An 'OFF' Switch For The Brain
An "OFF" switch for the brain uses light pulses to shut down neural activity. The method uses the research of Stanford scientist Karl Deisseroth, who discovered how to switch individual brain cells on and off by using light - 'optogenetics'.
(An off switch - for the brain)
In the upper left opsin, the red color shows negative charges
spanning the opsin that facilitated the flow of positive (stimulatory) ions
through the channel into neurons. In the newly engineered channels
(lower right), those negative charges have been changed to positive (blue),
allowing the negatively charged inhibitory chloride ions to flow through.
Now, after almost a decade of research, scientists have been able to shut down the neurons as well as activate them.
Mr Deisseroth’s team has now re-engineered its light-sensitive proteins to switch cells much more adequately than before. His findings are presented in the journal Science.
Thomas Insel, director of the National Institute of Mental Health, which funded the study, said this improved “off” switch will help researchers to better understand the brain circuits involved in behavior, thinking and emotion.
“We’re excited about this increased light sensitivity of inhibition in part because we think it will greatly enhance work in large-brained organisms like rats and primates."
The new techniques rely on changing 10 of the amino acids in the optogenetic protein.
“It creates a powerful tool that allows neuroscientists to apply a brake in any specific circuit with millisecond precision, beyond the power of any existing technology,” Mr Insel explained.
This technique could help scientists develop treatments for patients with some brain diseases as it could allow problematic parts of the brain to be switched off with light and tackled with minimal intrusion.
Fans of sf great John Brunner may recall the data-retrieval mode used to access the memories of Nickie Haflinger in Brunner's 1975 masterpiece The Shockwave Rider. In the story, the subject could be "turned on" or "turned off" using this method.
The man in the bare steel chair was as naked as the room's white walls... Tiny adhesive pads held sensors in position at a dozen places on his scalp...
From each sensor a lead, fine as gossamer, ran to the... data analysis console...
Not looking up, the girl in white plastic said, "Yes, sir, he's status go."
She headed for the door. Taking a seat at Freeman's invitation, Hartz said doubtfully, "Don't you have to give him a shot or something? He looks pretty thoroughly sedated."
Settling comfortably in his own chair adjacent to the data console, Freeman said, "No, it's not a question of drugs. It's done with induced current in the motor centers. One of our specialties, you know. All I have to do is move this switch and he'll recover consciousness - though not, of course, the power of ambulation. Just enough to let him answer in adequate detail. By the way, before I turn him on, I should fill in what's happening..."
From The Independent.
Scroll down for more stories in the same category. (Story submitted 5/2/2014)
Follow this kind of news @Technovelgy.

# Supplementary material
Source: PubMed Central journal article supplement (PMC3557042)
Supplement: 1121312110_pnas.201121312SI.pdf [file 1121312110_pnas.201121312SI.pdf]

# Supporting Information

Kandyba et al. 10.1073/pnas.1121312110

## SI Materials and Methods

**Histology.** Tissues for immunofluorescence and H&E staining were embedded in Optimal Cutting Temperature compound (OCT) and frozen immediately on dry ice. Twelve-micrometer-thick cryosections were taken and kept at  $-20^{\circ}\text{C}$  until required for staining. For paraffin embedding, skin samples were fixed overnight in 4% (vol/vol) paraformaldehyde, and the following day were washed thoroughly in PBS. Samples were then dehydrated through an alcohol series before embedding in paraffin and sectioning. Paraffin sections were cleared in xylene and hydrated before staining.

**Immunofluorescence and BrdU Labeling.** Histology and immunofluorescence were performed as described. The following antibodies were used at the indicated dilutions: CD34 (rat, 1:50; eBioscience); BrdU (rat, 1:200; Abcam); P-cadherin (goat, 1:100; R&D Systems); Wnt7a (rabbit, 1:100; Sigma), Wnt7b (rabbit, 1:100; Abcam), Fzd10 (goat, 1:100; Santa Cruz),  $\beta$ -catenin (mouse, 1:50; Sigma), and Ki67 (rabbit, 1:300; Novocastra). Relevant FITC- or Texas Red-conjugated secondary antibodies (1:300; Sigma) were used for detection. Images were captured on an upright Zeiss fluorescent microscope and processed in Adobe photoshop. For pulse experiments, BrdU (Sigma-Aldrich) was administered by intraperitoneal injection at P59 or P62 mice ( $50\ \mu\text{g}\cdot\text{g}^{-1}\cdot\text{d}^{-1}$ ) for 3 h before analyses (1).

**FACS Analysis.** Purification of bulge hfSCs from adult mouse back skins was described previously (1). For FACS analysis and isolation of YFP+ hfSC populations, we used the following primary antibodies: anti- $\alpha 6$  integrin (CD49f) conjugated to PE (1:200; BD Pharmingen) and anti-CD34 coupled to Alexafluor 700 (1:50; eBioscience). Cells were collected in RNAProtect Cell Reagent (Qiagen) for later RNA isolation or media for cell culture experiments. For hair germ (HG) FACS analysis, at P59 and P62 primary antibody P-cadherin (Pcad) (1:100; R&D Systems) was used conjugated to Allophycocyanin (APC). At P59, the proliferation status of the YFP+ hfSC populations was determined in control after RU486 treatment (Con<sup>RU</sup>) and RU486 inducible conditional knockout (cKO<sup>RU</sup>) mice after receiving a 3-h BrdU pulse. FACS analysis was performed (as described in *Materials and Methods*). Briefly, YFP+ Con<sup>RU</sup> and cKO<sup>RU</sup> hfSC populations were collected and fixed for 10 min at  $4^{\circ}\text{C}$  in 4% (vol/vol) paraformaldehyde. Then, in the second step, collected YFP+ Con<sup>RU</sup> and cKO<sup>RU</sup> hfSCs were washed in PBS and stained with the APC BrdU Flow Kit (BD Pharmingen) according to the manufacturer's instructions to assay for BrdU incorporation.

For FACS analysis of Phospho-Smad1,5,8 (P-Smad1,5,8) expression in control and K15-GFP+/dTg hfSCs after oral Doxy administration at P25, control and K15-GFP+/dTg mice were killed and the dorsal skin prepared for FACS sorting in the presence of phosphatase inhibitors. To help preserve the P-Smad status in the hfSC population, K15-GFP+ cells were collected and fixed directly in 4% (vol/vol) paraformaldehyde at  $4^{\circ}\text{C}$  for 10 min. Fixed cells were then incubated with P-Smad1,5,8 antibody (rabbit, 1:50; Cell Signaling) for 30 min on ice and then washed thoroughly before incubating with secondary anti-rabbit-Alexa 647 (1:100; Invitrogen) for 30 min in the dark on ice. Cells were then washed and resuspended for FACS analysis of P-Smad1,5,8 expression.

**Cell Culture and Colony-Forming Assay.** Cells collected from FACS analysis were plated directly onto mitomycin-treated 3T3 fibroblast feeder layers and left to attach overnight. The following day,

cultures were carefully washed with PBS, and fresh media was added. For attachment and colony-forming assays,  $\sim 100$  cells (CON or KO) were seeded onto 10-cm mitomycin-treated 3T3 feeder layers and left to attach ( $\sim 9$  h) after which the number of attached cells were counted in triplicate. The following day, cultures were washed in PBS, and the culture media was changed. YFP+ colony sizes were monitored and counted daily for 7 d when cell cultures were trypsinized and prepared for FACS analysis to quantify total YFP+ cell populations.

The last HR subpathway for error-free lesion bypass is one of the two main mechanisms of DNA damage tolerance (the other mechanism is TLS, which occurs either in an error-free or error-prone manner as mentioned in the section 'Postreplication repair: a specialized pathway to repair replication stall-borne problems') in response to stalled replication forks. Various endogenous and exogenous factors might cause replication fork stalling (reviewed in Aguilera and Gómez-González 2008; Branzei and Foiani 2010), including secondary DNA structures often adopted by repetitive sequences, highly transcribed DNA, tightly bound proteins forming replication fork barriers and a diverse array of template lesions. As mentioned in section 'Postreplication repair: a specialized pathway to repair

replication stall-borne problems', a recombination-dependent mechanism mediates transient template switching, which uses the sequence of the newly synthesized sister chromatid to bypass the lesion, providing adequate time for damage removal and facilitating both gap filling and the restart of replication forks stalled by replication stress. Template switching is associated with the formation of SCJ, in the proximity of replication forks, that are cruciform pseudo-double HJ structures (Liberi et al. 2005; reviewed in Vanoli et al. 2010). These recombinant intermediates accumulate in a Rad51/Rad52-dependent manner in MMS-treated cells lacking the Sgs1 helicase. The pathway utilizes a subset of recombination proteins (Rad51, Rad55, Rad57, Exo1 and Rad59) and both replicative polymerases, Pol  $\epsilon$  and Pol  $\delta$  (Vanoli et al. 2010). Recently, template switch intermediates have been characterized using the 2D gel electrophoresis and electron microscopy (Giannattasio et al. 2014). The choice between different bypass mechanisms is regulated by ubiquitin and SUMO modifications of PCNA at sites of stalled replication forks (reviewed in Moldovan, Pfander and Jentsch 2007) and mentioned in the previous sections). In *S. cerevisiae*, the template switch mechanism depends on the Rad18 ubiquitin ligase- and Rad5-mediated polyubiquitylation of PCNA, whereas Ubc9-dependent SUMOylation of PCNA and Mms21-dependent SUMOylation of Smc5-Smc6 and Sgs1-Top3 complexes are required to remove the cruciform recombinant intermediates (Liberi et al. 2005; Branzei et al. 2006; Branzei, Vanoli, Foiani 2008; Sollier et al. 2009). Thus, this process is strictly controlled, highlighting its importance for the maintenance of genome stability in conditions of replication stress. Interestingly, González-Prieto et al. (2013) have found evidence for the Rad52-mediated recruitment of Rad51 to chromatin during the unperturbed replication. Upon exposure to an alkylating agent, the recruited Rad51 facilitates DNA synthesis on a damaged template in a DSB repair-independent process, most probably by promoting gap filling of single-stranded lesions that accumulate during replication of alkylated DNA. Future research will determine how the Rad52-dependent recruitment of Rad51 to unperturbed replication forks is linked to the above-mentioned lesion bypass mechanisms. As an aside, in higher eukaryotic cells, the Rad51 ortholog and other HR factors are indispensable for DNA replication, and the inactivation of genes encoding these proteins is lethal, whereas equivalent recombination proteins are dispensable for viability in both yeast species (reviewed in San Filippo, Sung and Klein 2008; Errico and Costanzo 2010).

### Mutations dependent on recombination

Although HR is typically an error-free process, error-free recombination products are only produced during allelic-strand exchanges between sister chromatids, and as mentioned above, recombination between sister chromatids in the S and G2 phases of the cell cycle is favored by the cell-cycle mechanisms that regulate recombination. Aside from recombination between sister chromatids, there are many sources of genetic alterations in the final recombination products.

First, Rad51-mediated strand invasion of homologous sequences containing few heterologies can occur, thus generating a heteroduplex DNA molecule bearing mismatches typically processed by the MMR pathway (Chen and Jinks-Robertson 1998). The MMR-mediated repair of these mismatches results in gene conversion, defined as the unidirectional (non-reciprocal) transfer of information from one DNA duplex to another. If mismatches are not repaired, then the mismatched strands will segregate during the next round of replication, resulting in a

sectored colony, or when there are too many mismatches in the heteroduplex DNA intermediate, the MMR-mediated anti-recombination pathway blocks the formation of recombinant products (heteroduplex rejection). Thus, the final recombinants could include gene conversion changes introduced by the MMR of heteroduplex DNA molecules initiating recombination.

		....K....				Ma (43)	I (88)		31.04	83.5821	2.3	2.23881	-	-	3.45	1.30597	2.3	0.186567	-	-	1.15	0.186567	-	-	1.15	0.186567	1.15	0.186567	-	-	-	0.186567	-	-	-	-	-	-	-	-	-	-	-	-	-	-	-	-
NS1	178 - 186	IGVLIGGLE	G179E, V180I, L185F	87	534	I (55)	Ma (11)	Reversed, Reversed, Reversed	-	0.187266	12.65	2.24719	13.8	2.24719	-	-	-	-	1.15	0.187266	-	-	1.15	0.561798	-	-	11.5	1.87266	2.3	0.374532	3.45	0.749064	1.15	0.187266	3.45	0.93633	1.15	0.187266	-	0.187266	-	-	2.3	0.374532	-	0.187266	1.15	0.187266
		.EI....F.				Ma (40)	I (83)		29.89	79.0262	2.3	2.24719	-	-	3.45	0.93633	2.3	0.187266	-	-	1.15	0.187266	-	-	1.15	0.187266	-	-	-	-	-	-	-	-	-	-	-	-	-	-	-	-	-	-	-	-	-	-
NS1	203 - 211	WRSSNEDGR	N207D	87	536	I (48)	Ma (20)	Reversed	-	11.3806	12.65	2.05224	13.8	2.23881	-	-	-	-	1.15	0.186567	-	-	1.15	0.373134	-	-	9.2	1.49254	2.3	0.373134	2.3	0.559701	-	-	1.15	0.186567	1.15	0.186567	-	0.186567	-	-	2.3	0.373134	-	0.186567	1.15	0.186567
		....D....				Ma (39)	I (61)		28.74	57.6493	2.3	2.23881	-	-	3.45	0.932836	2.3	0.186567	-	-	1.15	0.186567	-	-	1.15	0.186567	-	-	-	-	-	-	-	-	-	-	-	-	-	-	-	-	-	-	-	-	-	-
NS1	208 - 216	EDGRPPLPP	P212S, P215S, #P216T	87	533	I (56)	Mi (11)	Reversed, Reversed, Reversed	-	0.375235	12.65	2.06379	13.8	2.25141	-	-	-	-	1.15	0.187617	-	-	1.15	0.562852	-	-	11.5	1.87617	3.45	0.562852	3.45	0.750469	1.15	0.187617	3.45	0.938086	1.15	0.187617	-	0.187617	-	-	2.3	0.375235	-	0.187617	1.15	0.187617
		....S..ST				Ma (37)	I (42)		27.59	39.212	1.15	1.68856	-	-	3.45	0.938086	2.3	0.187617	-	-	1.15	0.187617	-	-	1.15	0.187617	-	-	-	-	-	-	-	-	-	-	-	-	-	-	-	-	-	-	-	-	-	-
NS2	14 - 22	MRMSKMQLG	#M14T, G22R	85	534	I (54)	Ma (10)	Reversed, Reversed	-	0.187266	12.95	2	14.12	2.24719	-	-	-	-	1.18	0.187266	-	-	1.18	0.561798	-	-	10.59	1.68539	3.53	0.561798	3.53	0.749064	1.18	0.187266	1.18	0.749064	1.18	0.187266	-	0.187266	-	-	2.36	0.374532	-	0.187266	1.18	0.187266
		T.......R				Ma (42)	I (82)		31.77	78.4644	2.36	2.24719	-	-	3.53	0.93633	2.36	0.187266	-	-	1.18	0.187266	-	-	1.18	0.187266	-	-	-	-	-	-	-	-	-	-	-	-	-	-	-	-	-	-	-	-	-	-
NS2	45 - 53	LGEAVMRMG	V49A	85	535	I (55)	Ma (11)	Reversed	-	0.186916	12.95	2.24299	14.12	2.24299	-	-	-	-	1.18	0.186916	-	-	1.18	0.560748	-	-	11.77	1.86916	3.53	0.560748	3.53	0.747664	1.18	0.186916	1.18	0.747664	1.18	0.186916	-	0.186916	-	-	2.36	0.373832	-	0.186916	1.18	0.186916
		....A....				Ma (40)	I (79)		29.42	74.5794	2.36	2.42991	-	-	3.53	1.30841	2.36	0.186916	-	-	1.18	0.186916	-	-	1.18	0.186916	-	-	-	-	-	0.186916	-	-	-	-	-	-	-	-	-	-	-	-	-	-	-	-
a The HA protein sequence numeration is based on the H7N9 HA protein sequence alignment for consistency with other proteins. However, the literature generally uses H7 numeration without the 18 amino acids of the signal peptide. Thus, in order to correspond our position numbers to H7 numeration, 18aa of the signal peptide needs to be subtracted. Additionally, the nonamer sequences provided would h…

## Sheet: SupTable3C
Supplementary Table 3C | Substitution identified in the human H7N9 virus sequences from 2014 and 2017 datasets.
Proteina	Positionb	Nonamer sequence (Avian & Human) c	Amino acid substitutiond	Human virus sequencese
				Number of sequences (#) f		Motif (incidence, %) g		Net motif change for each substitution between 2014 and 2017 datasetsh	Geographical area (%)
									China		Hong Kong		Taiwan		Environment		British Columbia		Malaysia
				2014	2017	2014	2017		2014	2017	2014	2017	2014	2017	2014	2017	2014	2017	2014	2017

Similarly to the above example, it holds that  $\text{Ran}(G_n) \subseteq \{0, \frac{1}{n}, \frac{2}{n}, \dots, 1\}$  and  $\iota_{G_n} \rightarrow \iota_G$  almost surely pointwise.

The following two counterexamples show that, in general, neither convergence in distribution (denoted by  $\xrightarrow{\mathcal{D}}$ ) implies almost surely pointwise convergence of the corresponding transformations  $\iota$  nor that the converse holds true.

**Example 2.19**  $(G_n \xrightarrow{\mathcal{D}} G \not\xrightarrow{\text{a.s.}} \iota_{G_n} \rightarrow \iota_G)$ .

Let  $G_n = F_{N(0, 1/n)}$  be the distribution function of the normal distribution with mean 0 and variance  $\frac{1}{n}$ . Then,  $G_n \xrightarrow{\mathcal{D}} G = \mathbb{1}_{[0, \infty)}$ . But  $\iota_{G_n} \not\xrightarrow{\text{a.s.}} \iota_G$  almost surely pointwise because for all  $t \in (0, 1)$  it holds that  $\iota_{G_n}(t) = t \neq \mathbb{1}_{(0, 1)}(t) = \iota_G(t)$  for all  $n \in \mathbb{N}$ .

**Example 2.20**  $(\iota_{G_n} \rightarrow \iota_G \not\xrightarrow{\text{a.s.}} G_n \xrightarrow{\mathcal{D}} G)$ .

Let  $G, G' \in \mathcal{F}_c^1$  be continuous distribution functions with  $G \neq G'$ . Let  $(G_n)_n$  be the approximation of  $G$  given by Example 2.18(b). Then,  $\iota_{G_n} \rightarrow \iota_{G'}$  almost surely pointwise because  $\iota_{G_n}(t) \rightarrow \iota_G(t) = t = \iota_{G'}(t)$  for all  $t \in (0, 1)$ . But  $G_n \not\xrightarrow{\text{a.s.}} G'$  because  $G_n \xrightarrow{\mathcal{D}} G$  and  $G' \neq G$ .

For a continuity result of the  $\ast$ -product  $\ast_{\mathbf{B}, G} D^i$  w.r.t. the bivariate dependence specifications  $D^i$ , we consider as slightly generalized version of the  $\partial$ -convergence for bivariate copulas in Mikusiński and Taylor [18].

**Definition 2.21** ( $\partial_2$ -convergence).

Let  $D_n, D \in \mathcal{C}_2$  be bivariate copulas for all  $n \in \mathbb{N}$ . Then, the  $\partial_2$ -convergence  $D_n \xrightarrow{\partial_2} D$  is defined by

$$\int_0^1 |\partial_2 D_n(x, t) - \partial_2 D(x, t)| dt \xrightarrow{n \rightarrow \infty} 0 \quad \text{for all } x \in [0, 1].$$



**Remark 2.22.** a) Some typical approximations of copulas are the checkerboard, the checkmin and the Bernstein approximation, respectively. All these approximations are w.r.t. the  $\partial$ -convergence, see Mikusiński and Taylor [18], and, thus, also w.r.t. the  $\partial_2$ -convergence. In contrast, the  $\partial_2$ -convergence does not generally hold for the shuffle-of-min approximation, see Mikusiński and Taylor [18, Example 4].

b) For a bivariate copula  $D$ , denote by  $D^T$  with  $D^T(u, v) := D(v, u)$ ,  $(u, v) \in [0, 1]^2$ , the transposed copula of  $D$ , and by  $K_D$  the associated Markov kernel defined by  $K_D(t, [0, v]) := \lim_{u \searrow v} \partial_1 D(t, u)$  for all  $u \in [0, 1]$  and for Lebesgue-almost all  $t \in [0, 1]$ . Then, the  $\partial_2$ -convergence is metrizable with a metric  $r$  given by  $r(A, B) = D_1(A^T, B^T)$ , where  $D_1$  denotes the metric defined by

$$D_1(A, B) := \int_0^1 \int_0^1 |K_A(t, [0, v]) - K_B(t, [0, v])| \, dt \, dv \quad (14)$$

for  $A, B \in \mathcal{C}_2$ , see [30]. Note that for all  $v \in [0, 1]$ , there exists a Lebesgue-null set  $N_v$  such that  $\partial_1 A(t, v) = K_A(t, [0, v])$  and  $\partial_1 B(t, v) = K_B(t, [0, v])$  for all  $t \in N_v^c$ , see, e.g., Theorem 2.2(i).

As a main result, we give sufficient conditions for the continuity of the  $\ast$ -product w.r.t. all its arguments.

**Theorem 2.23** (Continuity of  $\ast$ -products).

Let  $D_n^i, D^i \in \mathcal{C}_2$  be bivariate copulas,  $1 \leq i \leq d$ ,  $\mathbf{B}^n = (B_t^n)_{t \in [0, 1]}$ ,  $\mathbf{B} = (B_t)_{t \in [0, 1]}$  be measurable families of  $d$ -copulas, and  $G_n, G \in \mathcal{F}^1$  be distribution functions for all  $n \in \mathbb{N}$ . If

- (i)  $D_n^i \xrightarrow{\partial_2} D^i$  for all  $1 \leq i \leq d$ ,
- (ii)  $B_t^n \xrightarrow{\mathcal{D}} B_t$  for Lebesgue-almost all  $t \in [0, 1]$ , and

| Email | RSS | Blog It | Stumble | del.icio.us | Digg | Reddit |
you like to contribute a story tip?
Get the URL of the story, and the related sf author, and add
Comment/Join discussion ( 1 )
Related News Stories -
Cryonic Preservation - The Last Perk You'll Ever Need
'Is there not also a law providing for voluntary suspension of animation?' - Edward Page Mitchell, 1879.
How Deep Learning And AI Will Affect Health Care
'A sort of satchel with an orifice in the top from which two metallic tentacles protruded slightly.' - Gordon R. Dickson, 1965.
DxtER! Tricorder Prize Won By Final Frontier Medical Devices
We've been waiting a long time for this, Star Trek fans.
Dune Fans! Your God Emperor Is Ready
'If one held a sandtrout in the hand, smoothing it over your skin, it formed a living glove.' - Frank Herbert, 1976.
Technovelgy (that's tech-novel-gee!)
is devoted to the creative science inventions and ideas of sf authors. Look for
the Invention Category that interests
you, the Glossary, the Invention
Timeline, or see what's New.
Bat Bot Robotic Flapping-Wing Drone
'The dark birdforms dotted the mountaintops like statues of prehistoric beasts, wings outspread...'
NASA's Astronaut Rescue Ball
'Ball and closely-prisoned man plummeted downward..'
ARM Wants To Build Brain Chips
'Slivers of microsoft, angular fragments of colored silicon...'
Sky Fence - A Drone-Proof Shield Created Over Prison
'There’s still a protective field over the whole thing. It volatilizes anything that tries to get through.'
Geoengineering The Atmosphere For Climate Change
'...a uniform temperature for each degree of latitude the year round.'
Archinaut Orbiting Robotic Factory
'mass-produced only in the orbiting factories...'
Cryonic Preservation - The Last Perk You'll Ever Need
'Is there not also a law providing for voluntary suspension of animation?'
Computers Understand Humans By Watching And Modeling Them
Soon, your computer will be watching you... and judging you.
NASA Asks For Moon To Earth Delivery Ideas
'Authority's 3-g catapult was almost one hundred kilometers long...'
Musk Tunnels Wisely Restrict Drivers
Too many robots.
Robot Swarms Controlled With Augmented Reality
'You're not thinking in enough dimensions...'
MIT's C-LEARN Helps Robots Transfer Learning To Other Robots
'Talk Between Robots radio...'
Mini-Brains In A Dish
'Cultured brains on a slab.'
Rapid Automated Search For Habitable Planets Needed
'I was near enough it now to set my automatic astronomical instruments to searching it for a habitable planet.'
WatchSense Perfect For Fat-Fingered Smartwatch Owners
'Now all you had to do was wave your hand in the general direction of the components...'
Digital Construction Platform Robot 3D Prints A Building
'It extrudes material like a spider.'
More SF in the News Stories
More Beyond Technovelgy science news stories